The University of Michigan Dearborn hosted a virtual discussion Tuesday that it dubbed the “non-POC cafe,” an event that appeared to welcome only white students and ignited criticism of the school for its decision to hold an apparently segregated event.
The Dearborn campus, one of the public university’s two regional campuses, described the virtual event as “a space for students that do not identify as persons of color to gather and to discuss their experience as students on campus and as non-POC in the world.”
The university also held another event for students of color, named the “BIPOC Cafe,” using the acronym that stands for Black, Indigenous, and People of Color.
The virtual discussion for students of color was described similarly, as “a space for student[s] from marginalized racial/ethnic/cultural communities to gather and to relate with one another and to discuss their experience as students on campus and as people of color in the world.”
The events, which occurred simultaneously at 2:00pm on Tuesday, were hosted on Zoom by UM Dearborn’s Center for Social Justice and Inclusion. They were scheduled to be held “bi-monthly, generally to occur on the 1st Tuesday of every month at 2:00pm and the 3rd Wednesday of every month at 7:00pm.” with dates and times “subject to change depending on feedback and demand.”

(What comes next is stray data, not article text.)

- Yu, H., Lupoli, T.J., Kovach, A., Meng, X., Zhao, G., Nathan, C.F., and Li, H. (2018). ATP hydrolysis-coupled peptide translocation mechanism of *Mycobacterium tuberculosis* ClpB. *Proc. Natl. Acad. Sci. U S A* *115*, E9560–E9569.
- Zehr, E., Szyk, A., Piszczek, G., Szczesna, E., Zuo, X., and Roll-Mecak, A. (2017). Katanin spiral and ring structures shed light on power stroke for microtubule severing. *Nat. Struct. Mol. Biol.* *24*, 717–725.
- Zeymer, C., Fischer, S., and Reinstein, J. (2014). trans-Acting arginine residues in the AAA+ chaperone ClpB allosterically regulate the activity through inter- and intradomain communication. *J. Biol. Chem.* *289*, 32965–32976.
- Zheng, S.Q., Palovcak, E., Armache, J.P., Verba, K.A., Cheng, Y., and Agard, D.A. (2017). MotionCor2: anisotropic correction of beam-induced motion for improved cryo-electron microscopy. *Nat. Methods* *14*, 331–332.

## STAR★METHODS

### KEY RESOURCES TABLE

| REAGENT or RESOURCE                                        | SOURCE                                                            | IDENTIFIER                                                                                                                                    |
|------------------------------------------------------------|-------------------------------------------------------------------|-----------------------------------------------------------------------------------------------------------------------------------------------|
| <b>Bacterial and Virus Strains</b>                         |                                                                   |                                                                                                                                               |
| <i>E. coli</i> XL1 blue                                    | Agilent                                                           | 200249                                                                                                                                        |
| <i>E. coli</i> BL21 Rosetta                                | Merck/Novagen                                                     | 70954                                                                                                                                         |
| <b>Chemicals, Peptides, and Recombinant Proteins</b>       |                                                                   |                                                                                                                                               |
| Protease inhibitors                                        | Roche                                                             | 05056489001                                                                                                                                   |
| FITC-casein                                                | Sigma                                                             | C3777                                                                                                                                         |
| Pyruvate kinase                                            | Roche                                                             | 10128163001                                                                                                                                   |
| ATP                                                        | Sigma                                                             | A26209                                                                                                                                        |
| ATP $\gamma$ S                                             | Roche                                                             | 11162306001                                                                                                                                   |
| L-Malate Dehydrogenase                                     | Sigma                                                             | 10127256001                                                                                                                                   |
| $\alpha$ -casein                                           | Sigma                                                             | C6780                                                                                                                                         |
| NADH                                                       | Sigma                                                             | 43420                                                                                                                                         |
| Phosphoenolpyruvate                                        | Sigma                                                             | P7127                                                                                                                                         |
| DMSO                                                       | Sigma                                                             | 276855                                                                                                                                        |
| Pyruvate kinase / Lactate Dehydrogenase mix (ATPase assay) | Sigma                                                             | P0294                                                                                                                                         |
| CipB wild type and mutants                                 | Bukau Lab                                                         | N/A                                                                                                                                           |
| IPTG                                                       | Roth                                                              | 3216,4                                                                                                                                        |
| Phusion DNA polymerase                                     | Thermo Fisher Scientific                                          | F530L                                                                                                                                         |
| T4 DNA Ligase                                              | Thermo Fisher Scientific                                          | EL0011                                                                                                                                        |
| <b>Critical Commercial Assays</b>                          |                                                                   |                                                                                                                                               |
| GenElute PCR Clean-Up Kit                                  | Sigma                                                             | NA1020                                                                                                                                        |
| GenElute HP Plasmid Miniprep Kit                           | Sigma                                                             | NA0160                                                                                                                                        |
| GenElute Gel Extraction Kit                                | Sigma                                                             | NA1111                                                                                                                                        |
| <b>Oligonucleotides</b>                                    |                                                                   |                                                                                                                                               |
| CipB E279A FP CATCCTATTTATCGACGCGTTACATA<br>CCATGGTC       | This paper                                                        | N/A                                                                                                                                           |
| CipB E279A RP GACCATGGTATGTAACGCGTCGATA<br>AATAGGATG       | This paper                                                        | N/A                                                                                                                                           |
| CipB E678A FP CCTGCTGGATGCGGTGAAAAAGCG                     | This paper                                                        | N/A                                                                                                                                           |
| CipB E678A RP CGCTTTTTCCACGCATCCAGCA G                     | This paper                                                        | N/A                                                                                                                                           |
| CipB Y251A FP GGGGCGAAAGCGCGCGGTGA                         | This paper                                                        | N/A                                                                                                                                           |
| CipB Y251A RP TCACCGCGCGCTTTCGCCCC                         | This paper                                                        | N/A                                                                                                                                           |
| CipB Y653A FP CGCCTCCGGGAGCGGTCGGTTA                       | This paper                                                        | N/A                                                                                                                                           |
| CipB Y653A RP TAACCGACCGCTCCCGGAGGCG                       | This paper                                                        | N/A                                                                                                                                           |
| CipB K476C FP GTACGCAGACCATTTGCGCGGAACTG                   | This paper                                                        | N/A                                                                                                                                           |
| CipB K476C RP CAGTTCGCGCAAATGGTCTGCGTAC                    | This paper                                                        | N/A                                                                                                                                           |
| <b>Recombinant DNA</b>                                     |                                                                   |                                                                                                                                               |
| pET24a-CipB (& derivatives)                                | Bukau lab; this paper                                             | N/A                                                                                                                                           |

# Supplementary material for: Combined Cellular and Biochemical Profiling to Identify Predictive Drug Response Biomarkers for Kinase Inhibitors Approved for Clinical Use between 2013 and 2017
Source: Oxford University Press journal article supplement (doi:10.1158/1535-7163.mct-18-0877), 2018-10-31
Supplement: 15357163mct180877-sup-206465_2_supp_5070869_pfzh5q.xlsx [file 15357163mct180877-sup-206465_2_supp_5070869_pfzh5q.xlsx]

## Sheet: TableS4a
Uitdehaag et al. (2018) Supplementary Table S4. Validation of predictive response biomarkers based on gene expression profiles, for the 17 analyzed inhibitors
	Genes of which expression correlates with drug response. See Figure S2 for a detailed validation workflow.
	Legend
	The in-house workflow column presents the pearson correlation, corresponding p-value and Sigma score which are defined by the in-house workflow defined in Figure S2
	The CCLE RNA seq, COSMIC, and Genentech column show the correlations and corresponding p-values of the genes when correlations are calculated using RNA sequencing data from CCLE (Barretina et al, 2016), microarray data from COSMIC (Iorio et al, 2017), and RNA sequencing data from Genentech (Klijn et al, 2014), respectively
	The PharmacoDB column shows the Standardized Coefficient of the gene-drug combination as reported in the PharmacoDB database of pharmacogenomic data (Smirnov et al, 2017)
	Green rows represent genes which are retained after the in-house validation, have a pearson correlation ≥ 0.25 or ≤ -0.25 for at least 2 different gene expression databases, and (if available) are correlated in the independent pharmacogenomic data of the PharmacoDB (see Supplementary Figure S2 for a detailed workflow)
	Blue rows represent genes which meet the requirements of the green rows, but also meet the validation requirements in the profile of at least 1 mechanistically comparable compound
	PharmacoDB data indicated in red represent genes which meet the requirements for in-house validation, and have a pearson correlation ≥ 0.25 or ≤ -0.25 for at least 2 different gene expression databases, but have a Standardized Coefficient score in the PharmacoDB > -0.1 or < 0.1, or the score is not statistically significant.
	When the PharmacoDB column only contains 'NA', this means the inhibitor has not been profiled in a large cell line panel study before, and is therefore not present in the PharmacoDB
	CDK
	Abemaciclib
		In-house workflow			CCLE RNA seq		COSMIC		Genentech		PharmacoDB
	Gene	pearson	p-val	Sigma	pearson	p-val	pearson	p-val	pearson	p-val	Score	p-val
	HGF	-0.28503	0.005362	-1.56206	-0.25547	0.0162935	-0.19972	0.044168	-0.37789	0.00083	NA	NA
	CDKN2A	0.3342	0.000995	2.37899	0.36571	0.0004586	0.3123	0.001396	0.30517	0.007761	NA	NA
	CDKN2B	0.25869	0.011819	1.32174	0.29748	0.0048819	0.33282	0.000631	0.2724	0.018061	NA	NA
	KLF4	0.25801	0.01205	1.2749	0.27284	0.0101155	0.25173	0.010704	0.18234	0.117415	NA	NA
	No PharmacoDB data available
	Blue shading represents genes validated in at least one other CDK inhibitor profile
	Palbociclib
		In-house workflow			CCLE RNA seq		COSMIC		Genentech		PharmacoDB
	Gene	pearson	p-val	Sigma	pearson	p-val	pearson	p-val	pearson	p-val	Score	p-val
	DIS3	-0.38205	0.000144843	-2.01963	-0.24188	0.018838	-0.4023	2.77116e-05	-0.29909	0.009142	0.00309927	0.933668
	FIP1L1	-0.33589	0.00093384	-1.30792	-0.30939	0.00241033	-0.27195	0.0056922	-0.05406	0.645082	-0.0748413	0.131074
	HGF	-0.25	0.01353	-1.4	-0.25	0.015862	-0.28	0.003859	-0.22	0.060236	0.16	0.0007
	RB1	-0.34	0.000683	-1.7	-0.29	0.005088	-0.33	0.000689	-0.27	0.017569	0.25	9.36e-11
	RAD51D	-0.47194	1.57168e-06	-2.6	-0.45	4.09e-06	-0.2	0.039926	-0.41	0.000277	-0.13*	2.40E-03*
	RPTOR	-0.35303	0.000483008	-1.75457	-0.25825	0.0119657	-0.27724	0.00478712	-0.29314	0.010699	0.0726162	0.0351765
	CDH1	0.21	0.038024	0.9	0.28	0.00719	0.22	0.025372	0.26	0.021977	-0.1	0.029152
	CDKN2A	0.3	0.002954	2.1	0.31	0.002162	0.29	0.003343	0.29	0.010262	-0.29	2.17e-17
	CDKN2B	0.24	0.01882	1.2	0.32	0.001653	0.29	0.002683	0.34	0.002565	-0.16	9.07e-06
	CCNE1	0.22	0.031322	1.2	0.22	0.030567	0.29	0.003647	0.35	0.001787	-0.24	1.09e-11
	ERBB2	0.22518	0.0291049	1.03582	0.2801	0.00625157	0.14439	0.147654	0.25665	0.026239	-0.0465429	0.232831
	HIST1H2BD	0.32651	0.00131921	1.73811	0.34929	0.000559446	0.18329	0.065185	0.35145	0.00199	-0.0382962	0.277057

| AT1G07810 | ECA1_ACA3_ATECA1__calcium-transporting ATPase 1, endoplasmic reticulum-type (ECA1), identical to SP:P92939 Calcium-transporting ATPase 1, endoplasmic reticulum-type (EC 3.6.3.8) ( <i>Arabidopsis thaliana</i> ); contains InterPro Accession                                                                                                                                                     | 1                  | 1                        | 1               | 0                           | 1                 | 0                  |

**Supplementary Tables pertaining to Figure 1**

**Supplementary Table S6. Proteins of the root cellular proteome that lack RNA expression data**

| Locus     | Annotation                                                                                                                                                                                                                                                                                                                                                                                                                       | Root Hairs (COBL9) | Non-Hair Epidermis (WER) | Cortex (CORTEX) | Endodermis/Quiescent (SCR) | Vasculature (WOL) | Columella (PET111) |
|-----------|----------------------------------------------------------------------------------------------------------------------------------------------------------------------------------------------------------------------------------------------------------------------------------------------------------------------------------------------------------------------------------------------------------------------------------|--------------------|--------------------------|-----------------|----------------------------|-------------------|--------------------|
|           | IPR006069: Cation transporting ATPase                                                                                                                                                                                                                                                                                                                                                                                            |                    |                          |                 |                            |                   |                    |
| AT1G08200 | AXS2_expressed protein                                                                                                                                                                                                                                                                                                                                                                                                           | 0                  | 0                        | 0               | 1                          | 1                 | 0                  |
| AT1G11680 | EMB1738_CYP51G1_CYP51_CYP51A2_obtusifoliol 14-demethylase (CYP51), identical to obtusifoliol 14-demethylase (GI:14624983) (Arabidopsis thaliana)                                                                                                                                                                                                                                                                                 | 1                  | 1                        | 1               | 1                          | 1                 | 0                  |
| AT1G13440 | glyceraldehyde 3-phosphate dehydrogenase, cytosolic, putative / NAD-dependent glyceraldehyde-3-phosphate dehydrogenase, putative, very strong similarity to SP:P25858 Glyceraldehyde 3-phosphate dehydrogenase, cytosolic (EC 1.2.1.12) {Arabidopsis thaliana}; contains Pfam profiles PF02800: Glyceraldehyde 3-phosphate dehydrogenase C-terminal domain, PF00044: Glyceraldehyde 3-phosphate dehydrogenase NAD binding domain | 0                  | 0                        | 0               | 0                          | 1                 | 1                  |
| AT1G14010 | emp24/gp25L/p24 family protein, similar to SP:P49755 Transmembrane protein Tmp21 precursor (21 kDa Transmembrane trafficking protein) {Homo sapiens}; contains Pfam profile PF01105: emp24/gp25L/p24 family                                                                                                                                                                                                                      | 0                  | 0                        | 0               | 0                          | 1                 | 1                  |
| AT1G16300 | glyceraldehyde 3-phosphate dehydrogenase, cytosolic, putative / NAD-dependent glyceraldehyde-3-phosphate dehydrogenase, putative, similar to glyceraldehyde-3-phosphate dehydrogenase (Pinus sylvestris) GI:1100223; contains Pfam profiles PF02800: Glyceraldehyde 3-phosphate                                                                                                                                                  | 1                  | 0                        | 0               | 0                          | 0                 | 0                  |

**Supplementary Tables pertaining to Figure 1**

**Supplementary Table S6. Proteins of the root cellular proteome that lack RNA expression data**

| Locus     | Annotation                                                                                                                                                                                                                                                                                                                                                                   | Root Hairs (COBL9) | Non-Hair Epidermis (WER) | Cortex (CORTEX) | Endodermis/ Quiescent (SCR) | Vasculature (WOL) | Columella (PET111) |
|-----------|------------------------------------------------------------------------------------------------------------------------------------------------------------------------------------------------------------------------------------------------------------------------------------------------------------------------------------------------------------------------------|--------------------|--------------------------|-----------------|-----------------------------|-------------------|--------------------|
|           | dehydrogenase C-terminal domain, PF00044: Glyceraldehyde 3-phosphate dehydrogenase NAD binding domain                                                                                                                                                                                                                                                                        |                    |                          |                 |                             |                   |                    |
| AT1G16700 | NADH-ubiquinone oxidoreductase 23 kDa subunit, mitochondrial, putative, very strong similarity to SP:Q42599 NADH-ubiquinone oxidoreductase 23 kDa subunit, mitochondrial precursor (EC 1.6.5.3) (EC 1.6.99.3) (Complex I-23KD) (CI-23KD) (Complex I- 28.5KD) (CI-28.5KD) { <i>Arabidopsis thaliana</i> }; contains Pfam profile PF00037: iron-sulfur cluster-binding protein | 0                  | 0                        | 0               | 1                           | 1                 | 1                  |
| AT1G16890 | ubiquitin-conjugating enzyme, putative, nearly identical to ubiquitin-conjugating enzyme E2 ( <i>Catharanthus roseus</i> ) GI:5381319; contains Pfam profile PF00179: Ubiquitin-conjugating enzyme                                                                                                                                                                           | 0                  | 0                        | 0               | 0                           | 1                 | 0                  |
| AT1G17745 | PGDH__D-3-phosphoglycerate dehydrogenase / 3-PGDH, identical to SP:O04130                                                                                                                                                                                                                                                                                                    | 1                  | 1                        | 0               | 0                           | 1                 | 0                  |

The university has since apologized for the manner in which the events were described and promoted by the school and said that both events were open to all members of the UM Dearborn campus community and “were never intended to be exclusive or exclusionary for individuals of a certain race.”
“University of Michigan-Dearborn sincerely regrets the terms used to describe the ‘cafe’ events. The terms used to describe these virtual events and the descriptions themselves were not clear and not reflective of the university’s commitment to diversity, equity and inclusion,” Beth Marmarelli, director of communications and marketing for UM Dearborn, said in a statement to National Review.
The events were intended “to allow students the opportunity to connect to process current events, share their experiences related to race, share knowledge and resources and brainstorm solutions,” Marmarelli said. “The original intent was to provide students from marginalized communities a space that allowed for them to exist freely without having to normalize their lives and experiences, while also providing students that do not identify as persons of color the opportunity to deepen their understanding of race and racism without harming or relying on students of color to educate them.”